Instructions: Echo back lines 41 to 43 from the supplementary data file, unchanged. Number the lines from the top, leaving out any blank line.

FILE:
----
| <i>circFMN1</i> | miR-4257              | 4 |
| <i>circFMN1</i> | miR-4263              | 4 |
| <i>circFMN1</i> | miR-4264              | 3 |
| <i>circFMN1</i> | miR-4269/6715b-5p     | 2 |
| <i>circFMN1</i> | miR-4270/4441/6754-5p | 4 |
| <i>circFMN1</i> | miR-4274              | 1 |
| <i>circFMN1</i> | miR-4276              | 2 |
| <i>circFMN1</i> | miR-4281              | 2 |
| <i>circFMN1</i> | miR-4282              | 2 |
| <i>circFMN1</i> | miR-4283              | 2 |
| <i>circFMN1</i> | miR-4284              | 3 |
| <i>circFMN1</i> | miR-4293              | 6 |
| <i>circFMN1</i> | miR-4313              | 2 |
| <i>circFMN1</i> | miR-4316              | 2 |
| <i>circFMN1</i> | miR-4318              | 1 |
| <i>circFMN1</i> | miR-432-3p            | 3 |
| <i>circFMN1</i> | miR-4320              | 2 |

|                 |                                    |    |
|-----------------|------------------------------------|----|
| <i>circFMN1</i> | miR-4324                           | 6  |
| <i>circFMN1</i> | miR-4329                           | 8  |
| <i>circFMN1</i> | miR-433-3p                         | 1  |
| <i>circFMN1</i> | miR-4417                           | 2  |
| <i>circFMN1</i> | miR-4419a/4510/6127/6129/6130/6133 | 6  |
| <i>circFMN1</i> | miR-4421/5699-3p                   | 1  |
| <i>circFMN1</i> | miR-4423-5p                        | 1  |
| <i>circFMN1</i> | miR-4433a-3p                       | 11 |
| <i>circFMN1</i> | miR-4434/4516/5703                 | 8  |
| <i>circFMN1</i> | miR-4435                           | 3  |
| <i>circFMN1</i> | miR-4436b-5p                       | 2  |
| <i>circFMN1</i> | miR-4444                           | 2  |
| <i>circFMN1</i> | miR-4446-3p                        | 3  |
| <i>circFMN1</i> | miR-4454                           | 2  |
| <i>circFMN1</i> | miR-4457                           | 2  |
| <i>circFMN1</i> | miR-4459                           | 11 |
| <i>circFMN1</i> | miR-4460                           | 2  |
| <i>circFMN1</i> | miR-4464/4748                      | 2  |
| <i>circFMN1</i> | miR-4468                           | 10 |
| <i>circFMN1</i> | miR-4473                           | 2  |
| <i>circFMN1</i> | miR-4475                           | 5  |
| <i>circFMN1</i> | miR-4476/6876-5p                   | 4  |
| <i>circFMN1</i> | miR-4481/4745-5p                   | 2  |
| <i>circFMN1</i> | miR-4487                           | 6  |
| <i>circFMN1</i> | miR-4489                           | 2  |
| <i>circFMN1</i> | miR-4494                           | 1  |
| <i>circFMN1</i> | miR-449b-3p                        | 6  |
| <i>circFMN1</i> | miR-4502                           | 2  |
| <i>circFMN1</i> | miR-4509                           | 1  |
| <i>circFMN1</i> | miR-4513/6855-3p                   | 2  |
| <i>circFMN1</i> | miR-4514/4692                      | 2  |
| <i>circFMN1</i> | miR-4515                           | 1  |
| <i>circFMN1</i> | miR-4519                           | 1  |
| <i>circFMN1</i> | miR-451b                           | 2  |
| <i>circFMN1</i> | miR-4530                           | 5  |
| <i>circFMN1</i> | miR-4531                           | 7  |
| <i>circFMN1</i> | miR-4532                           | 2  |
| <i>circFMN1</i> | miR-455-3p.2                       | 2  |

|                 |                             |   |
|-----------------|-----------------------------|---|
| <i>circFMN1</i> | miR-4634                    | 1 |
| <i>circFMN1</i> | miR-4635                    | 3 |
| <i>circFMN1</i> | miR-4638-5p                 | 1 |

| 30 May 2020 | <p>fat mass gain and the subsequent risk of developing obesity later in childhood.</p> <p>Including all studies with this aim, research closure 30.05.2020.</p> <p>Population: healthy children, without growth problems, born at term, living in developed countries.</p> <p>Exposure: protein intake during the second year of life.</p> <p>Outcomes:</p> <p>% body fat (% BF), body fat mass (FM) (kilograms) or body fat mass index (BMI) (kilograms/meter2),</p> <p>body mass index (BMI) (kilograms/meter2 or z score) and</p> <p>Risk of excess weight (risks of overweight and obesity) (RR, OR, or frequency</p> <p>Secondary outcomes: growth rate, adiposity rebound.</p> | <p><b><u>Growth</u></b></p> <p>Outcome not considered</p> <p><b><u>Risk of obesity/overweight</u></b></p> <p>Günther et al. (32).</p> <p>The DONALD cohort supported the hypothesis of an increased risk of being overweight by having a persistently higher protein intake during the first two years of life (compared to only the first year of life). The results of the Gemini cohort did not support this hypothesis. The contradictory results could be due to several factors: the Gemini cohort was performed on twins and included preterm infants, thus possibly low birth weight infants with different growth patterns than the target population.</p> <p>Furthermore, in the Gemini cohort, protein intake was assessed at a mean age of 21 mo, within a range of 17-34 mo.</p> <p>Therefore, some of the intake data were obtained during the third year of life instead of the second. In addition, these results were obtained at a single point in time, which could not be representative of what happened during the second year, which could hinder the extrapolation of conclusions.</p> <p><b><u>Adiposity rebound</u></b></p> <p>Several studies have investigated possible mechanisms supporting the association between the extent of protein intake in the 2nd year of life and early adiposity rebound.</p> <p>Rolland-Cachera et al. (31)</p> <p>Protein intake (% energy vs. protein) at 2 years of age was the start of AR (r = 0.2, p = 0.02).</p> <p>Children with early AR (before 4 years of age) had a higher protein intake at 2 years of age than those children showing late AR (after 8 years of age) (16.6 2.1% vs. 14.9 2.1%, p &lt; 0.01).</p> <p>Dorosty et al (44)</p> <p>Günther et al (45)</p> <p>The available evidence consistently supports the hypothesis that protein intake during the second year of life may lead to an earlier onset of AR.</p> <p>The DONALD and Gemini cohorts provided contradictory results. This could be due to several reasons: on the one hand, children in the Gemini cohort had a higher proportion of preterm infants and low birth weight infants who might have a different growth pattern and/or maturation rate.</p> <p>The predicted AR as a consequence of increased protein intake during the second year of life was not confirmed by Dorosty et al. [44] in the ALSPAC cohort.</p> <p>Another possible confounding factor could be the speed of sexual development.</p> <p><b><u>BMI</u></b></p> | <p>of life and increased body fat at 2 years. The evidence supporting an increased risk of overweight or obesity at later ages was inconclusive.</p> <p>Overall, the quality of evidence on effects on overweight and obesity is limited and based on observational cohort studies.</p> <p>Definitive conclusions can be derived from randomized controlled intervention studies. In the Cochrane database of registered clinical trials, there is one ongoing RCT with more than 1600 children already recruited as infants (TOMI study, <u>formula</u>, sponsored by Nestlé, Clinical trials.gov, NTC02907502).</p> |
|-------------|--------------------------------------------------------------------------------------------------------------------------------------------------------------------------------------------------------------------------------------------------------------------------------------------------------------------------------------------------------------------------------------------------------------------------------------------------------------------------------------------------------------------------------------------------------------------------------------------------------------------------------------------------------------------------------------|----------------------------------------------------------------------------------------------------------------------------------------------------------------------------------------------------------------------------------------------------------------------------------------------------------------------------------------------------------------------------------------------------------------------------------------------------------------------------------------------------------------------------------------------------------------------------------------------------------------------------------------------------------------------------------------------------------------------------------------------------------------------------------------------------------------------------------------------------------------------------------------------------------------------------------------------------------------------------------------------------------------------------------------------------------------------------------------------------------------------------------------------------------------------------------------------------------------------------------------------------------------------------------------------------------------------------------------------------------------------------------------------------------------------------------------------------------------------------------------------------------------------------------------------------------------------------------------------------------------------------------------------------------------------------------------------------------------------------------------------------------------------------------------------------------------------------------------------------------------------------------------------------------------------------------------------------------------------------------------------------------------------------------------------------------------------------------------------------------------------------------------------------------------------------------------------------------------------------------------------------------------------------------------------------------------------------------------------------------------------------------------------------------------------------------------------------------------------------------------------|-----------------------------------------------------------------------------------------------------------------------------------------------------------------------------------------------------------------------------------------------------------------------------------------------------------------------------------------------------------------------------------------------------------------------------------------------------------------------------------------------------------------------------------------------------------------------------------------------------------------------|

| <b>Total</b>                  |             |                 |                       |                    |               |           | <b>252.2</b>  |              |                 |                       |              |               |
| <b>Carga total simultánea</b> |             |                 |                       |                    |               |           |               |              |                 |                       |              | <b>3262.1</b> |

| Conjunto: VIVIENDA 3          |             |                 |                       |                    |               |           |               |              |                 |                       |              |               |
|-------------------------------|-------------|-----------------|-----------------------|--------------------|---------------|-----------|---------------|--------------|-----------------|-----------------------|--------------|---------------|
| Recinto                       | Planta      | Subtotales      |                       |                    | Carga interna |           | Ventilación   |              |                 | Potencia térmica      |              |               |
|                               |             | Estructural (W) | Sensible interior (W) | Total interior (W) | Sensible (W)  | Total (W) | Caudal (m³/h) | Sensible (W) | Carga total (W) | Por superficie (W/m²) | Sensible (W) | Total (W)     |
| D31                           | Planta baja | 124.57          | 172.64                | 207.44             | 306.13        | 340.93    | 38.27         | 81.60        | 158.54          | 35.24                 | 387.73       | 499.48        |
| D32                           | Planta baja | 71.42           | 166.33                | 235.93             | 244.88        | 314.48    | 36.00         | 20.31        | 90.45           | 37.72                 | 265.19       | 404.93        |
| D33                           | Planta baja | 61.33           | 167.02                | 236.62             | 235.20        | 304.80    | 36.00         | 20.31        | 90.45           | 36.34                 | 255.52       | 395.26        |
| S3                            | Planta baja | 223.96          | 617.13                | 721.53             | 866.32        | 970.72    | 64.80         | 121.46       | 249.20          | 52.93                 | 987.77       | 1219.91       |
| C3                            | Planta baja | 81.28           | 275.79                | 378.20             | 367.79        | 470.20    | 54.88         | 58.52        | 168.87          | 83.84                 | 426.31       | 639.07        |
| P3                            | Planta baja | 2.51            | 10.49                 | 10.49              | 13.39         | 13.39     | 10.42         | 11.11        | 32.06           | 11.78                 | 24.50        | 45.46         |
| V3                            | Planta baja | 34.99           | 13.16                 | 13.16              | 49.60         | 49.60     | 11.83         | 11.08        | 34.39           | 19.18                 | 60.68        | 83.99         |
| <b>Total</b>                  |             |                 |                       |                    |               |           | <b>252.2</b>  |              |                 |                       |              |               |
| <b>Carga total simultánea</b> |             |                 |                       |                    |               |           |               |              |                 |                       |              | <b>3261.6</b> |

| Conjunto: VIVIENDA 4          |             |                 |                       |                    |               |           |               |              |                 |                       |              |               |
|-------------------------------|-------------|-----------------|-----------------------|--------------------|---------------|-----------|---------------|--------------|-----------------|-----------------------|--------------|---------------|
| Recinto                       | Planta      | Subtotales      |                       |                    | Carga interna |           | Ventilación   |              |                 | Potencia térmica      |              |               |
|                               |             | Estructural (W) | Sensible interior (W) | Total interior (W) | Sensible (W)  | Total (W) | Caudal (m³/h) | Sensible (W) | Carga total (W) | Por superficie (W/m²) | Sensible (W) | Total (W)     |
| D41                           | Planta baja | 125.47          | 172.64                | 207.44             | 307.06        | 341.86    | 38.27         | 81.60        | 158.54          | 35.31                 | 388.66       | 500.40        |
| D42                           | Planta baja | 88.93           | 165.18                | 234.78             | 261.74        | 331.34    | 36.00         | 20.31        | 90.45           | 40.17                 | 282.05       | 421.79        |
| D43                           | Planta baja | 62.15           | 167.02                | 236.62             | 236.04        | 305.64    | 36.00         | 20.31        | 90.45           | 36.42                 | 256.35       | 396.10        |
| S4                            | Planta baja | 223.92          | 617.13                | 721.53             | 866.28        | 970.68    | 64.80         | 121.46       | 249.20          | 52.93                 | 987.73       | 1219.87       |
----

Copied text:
| <i>circFMN1</i> | miR-4476/6876-5p                   | 4  |
| <i>circFMN1</i> | miR-4481/4745-5p                   | 2  |
| <i>circFMN1</i> | miR-4487                           | 6  |